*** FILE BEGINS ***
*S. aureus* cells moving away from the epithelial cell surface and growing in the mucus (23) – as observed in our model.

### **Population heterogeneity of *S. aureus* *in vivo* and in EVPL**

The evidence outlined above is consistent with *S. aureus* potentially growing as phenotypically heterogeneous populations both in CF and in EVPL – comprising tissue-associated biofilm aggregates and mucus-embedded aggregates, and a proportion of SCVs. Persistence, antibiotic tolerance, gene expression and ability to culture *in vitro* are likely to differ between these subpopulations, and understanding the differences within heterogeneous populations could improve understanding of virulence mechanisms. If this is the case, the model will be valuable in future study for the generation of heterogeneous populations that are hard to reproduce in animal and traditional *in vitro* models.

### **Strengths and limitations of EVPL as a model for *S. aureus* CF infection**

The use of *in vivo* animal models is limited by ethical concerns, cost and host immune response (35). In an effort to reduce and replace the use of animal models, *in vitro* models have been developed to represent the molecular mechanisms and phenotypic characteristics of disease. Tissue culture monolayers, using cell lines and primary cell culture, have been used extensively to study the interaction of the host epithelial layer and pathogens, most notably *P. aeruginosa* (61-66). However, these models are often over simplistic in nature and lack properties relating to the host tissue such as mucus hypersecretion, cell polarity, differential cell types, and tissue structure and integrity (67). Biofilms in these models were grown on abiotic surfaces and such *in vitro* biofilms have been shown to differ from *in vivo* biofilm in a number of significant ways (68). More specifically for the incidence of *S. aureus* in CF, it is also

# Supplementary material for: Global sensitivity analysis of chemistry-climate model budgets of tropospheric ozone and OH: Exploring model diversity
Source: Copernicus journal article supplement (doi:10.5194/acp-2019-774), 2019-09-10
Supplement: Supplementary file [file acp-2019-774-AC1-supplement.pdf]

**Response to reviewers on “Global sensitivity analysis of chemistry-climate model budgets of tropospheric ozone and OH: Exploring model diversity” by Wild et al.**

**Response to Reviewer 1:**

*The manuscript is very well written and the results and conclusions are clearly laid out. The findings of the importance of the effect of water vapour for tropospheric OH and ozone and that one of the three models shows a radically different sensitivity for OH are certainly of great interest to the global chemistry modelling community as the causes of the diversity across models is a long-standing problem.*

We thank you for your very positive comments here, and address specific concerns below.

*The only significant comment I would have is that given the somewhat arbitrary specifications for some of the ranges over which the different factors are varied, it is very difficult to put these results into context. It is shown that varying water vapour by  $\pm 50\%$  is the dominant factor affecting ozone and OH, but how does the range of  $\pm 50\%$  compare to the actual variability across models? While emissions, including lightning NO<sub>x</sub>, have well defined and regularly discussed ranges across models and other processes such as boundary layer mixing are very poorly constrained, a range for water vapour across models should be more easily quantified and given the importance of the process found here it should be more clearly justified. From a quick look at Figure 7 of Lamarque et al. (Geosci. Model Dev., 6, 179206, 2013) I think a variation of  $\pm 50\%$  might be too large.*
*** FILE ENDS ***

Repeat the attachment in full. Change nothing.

*S. aureus* cells moving away from the epithelial cell surface and growing in the mucus (23) – as observed in our model.

### **Population heterogeneity of *S. aureus* *in vivo* and in EVPL**

The evidence outlined above is consistent with *S. aureus* potentially growing as phenotypically heterogeneous populations both in CF and in EVPL – comprising tissue-associated biofilm aggregates and mucus-embedded aggregates, and a proportion of SCVs. Persistence, antibiotic tolerance, gene expression and ability to culture *in vitro* are likely to differ between these subpopulations, and understanding the differences within heterogeneous populations could improve understanding of virulence mechanisms. If this is the case, the model will be valuable in future study for the generation of heterogeneous populations that are hard to reproduce in animal and traditional *in vitro* models.

### **Strengths and limitations of EVPL as a model for *S. aureus* CF infection**

The use of *in vivo* animal models is limited by ethical concerns, cost and host immune response (35). In an effort to reduce and replace the use of animal models, *in vitro* models have been developed to represent the molecular mechanisms and phenotypic characteristics of disease. Tissue culture monolayers, using cell lines and primary cell culture, have been used extensively to study the interaction of the host epithelial layer and pathogens, most notably *P. aeruginosa* (61-66). However, these models are often over simplistic in nature and lack properties relating to the host tissue such as mucus hypersecretion, cell polarity, differential cell types, and tissue structure and integrity (67). Biofilms in these models were grown on abiotic surfaces and such *in vitro* biofilms have been shown to differ from *in vivo* biofilm in a number of significant ways (68). More specifically for the incidence of *S. aureus* in CF, it is also

# Supplementary material for: Global sensitivity analysis of chemistry-climate model budgets of tropospheric ozone and OH: Exploring model diversity
Source: Copernicus journal article supplement (doi:10.5194/acp-2019-774), 2019-09-10
Supplement: Supplementary file [file acp-2019-774-AC1-supplement.pdf]

**Response to reviewers on “Global sensitivity analysis of chemistry-climate model budgets of tropospheric ozone and OH: Exploring model diversity” by Wild et al.**

**Response to Reviewer 1:**

*The manuscript is very well written and the results and conclusions are clearly laid out. The findings of the importance of the effect of water vapour for tropospheric OH and ozone and that one of the three models shows a radically different sensitivity for OH are certainly of great interest to the global chemistry modelling community as the causes of the diversity across models is a long-standing problem.*

We thank you for your very positive comments here, and address specific concerns below.

*The only significant comment I would have is that given the somewhat arbitrary specifications for some of the ranges over which the different factors are varied, it is very difficult to put these results into context. It is shown that varying water vapour by  $\pm 50\%$  is the dominant factor affecting ozone and OH, but how does the range of  $\pm 50\%$  compare to the actual variability across models? While emissions, including lightning NO<sub>x</sub>, have well defined and regularly discussed ranges across models and other processes such as boundary layer mixing are very poorly constrained, a range for water vapour across models should be more easily quantified and given the importance of the process found here it should be more clearly justified. From a quick look at Figure 7 of Lamarque et al. (Geosci. Model Dev., 6, 179206, 2013) I think a variation of  $\pm 50\%$  might be too large.*